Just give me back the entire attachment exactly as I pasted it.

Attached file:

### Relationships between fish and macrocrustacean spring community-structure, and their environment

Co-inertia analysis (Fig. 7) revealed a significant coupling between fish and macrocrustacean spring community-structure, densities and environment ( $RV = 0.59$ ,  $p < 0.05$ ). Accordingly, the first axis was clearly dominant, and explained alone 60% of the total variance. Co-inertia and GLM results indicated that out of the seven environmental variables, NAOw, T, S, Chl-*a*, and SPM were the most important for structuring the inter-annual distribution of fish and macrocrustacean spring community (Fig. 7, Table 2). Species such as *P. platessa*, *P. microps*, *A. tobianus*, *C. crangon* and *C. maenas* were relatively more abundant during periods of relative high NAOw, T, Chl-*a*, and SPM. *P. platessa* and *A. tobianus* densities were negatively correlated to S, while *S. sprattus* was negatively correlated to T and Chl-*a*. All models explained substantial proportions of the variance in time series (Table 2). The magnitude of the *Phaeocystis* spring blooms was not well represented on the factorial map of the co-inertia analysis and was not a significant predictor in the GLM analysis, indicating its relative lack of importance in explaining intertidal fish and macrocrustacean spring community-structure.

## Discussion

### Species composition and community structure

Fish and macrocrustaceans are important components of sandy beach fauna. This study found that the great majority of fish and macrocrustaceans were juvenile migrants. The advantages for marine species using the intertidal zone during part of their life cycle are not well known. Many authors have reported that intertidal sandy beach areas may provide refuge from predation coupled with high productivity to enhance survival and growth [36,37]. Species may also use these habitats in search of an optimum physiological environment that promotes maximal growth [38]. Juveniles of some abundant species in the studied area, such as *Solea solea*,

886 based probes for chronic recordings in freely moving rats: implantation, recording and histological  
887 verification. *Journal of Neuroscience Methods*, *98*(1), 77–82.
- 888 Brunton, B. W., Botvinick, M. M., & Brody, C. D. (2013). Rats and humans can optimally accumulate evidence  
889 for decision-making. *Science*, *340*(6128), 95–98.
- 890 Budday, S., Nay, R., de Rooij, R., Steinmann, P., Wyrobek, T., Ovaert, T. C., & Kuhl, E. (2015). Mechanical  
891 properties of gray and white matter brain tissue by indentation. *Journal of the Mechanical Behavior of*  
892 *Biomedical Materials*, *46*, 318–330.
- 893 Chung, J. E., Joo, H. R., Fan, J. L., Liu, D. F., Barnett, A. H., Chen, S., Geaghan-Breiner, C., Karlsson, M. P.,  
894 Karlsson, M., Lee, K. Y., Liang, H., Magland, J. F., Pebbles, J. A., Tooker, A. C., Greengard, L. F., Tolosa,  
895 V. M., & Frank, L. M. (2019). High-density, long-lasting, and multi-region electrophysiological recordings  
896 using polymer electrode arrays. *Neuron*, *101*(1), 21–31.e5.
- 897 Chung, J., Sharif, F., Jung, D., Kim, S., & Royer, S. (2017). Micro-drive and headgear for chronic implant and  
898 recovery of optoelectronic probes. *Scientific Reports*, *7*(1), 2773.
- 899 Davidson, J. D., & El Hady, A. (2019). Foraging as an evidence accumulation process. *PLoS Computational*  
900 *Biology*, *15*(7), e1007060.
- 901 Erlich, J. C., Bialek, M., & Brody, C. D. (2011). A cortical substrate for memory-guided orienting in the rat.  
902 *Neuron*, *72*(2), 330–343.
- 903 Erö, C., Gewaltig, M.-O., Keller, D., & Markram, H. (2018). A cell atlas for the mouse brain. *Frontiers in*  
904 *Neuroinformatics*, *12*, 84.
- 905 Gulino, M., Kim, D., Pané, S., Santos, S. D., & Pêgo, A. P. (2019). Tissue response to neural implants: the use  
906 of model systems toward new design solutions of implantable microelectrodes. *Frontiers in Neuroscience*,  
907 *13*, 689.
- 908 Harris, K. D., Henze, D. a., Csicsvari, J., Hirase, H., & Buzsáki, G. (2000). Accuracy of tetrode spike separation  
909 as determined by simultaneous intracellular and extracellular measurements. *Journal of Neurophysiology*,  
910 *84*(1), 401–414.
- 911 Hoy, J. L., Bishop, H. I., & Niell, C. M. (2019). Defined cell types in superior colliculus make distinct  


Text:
### Relationships between fish and macrocrustacean spring community-structure, and their environment

Co-inertia analysis (Fig. 7) revealed a significant coupling between fish and macrocrustacean spring community-structure, densities and environment ( $RV = 0.59$ ,  $p < 0.05$ ). Accordingly, the first axis was clearly dominant, and explained alone 60% of the total variance. Co-inertia and GLM results indicated that out of the seven environmental variables, NAOw, T, S, Chl-*a*, and SPM were the most important for structuring the inter-annual distribution of fish and macrocrustacean spring community (Fig. 7, Table 2). Species such as *P. platessa*, *P. microps*, *A. tobianus*, *C. crangon* and *C. maenas* were relatively more abundant during periods of relative high NAOw, T, Chl-*a*, and SPM. *P. platessa* and *A. tobianus* densities were negatively correlated to S, while *S. sprattus* was negatively correlated to T and Chl-*a*. All models explained substantial proportions of the variance in time series (Table 2). The magnitude of the *Phaeocystis* spring blooms was not well represented on the factorial map of the co-inertia analysis and was not a significant predictor in the GLM analysis, indicating its relative lack of importance in explaining intertidal fish and macrocrustacean spring community-structure.

## Discussion

### Species composition and community structure

Fish and macrocrustaceans are important components of sandy beach fauna. This study found that the great majority of fish and macrocrustaceans were juvenile migrants. The advantages for marine species using the intertidal zone during part of their life cycle are not well known. Many authors have reported that intertidal sandy beach areas may provide refuge from predation coupled with high productivity to enhance survival and growth [36,37]. Species may also use these habitats in search of an optimum physiological environment that promotes maximal growth [38]. Juveniles of some abundant species in the studied area, such as *Solea solea*,

886 based probes for chronic recordings in freely moving rats: implantation, recording and histological  
887 verification. *Journal of Neuroscience Methods*, *98*(1), 77–82.
- 888 Brunton, B. W., Botvinick, M. M., & Brody, C. D. (2013). Rats and humans can optimally accumulate evidence  
889 for decision-making. *Science*, *340*(6128), 95–98.
- 890 Budday, S., Nay, R., de Rooij, R., Steinmann, P., Wyrobek, T., Ovaert, T. C., & Kuhl, E. (2015). Mechanical  
891 properties of gray and white matter brain tissue by indentation. *Journal of the Mechanical Behavior of*  
892 *Biomedical Materials*, *46*, 318–330.
- 893 Chung, J. E., Joo, H. R., Fan, J. L., Liu, D. F., Barnett, A. H., Chen, S., Geaghan-Breiner, C., Karlsson, M. P.,  
894 Karlsson, M., Lee, K. Y., Liang, H., Magland, J. F., Pebbles, J. A., Tooker, A. C., Greengard, L. F., Tolosa,  
895 V. M., & Frank, L. M. (2019). High-density, long-lasting, and multi-region electrophysiological recordings  
896 using polymer electrode arrays. *Neuron*, *101*(1), 21–31.e5.
- 897 Chung, J., Sharif, F., Jung, D., Kim, S., & Royer, S. (2017). Micro-drive and headgear for chronic implant and  
898 recovery of optoelectronic probes. *Scientific Reports*, *7*(1), 2773.
- 899 Davidson, J. D., & El Hady, A. (2019). Foraging as an evidence accumulation process. *PLoS Computational*  
900 *Biology*, *15*(7), e1007060.
- 901 Erlich, J. C., Bialek, M., & Brody, C. D. (2011). A cortical substrate for memory-guided orienting in the rat.  
902 *Neuron*, *72*(2), 330–343.
- 903 Erö, C., Gewaltig, M.-O., Keller, D., & Markram, H. (2018). A cell atlas for the mouse brain. *Frontiers in*  
904 *Neuroinformatics*, *12*, 84.
- 905 Gulino, M., Kim, D., Pané, S., Santos, S. D., & Pêgo, A. P. (2019). Tissue response to neural implants: the use  
906 of model systems toward new design solutions of implantable microelectrodes. *Frontiers in Neuroscience*,  
907 *13*, 689.
- 908 Harris, K. D., Henze, D. a., Csicsvari, J., Hirase, H., & Buzsáki, G. (2000). Accuracy of tetrode spike separation  
909 as determined by simultaneous intracellular and extracellular measurements. *Journal of Neurophysiology*,  
910 *84*(1), 401–414.
- 911 Hoy, J. L., Bishop, H. I., & Niell, C. M. (2019). Defined cell types in superior colliculus make distinct  